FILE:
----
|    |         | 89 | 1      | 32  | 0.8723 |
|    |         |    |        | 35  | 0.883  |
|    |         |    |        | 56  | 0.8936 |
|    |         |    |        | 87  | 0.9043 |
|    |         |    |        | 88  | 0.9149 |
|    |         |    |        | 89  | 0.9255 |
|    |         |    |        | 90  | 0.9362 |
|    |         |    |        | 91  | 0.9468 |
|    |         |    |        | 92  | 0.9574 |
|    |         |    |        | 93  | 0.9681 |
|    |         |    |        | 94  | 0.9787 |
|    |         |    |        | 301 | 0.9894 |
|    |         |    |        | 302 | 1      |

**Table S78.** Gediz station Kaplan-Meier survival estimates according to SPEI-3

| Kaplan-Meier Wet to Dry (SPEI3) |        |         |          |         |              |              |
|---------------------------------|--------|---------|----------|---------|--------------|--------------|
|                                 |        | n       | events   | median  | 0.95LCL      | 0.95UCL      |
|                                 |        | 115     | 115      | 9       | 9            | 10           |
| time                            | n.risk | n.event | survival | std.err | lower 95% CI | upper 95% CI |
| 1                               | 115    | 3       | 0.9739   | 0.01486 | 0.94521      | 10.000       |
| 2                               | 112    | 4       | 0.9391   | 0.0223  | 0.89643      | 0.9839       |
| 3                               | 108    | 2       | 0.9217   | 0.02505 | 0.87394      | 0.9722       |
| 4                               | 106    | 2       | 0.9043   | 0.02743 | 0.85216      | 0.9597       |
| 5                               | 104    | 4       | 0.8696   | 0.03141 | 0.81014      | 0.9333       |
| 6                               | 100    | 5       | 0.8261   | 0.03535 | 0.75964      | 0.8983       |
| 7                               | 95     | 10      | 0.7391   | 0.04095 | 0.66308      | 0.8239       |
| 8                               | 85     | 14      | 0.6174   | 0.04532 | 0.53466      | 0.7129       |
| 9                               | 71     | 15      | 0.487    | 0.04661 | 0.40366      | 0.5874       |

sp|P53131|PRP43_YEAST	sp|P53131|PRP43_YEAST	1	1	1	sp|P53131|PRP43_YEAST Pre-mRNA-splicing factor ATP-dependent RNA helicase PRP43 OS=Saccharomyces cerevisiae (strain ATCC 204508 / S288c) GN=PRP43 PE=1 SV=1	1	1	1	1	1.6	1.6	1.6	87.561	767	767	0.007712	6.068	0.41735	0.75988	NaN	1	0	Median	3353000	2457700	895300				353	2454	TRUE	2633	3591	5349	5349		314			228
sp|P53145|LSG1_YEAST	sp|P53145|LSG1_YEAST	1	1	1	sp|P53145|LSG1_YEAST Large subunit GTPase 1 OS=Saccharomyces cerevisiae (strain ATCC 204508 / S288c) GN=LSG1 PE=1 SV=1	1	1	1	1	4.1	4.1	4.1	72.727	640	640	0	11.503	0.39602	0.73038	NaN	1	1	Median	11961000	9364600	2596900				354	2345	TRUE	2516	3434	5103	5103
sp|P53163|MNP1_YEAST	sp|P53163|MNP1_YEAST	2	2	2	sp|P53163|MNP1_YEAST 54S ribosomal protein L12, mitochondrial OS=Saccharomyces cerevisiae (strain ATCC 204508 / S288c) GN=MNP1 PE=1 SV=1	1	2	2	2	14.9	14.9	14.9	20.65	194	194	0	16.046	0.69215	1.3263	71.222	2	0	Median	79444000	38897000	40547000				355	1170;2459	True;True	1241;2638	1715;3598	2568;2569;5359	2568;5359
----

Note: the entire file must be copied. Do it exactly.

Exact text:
|    |         | 89 | 1      | 32  | 0.8723 |
|    |         |    |        | 35  | 0.883  |
|    |         |    |        | 56  | 0.8936 |
|    |         |    |        | 87  | 0.9043 |
|    |         |    |        | 88  | 0.9149 |
|    |         |    |        | 89  | 0.9255 |
|    |         |    |        | 90  | 0.9362 |
|    |         |    |        | 91  | 0.9468 |
|    |         |    |        | 92  | 0.9574 |
|    |         |    |        | 93  | 0.9681 |
|    |         |    |        | 94  | 0.9787 |
|    |         |    |        | 301 | 0.9894 |
|    |         |    |        | 302 | 1      |

**Table S78.** Gediz station Kaplan-Meier survival estimates according to SPEI-3

| Kaplan-Meier Wet to Dry (SPEI3) |        |         |          |         |              |              |
|---------------------------------|--------|---------|----------|---------|--------------|--------------|
|                                 |        | n       | events   | median  | 0.95LCL      | 0.95UCL      |
|                                 |        | 115     | 115      | 9       | 9            | 10           |
| time                            | n.risk | n.event | survival | std.err | lower 95% CI | upper 95% CI |
| 1                               | 115    | 3       | 0.9739   | 0.01486 | 0.94521      | 10.000       |
| 2                               | 112    | 4       | 0.9391   | 0.0223  | 0.89643      | 0.9839       |
| 3                               | 108    | 2       | 0.9217   | 0.02505 | 0.87394      | 0.9722       |
| 4                               | 106    | 2       | 0.9043   | 0.02743 | 0.85216      | 0.9597       |
| 5                               | 104    | 4       | 0.8696   | 0.03141 | 0.81014      | 0.9333       |
| 6                               | 100    | 5       | 0.8261   | 0.03535 | 0.75964      | 0.8983       |
| 7                               | 95     | 10      | 0.7391   | 0.04095 | 0.66308      | 0.8239       |
| 8                               | 85     | 14      | 0.6174   | 0.04532 | 0.53466      | 0.7129       |
| 9                               | 71     | 15      | 0.487    | 0.04661 | 0.40366      | 0.5874       |

sp|P53131|PRP43_YEAST	sp|P53131|PRP43_YEAST	1	1	1	sp|P53131|PRP43_YEAST Pre-mRNA-splicing factor ATP-dependent RNA helicase PRP43 OS=Saccharomyces cerevisiae (strain ATCC 204508 / S288c) GN=PRP43 PE=1 SV=1	1	1	1	1	1.6	1.6	1.6	87.561	767	767	0.007712	6.068	0.41735	0.75988	NaN	1	0	Median	3353000	2457700	895300				353	2454	TRUE	2633	3591	5349	5349		314			228
sp|P53145|LSG1_YEAST	sp|P53145|LSG1_YEAST	1	1	1	sp|P53145|LSG1_YEAST Large subunit GTPase 1 OS=Saccharomyces cerevisiae (strain ATCC 204508 / S288c) GN=LSG1 PE=1 SV=1	1	1	1	1	4.1	4.1	4.1	72.727	640	640	0	11.503	0.39602	0.73038	NaN	1	1	Median	11961000	9364600	2596900				354	2345	TRUE	2516	3434	5103	5103
sp|P53163|MNP1_YEAST	sp|P53163|MNP1_YEAST	2	2	2	sp|P53163|MNP1_YEAST 54S ribosomal protein L12, mitochondrial OS=Saccharomyces cerevisiae (strain ATCC 204508 / S288c) GN=MNP1 PE=1 SV=1	1	2	2	2	14.9	14.9	14.9	20.65	194	194	0	16.046	0.69215	1.3263	71.222	2	0	Median	79444000	38897000	40547000				355	1170;2459	True;True	1241;2638	1715;3598	2568;2569;5359	2568;5359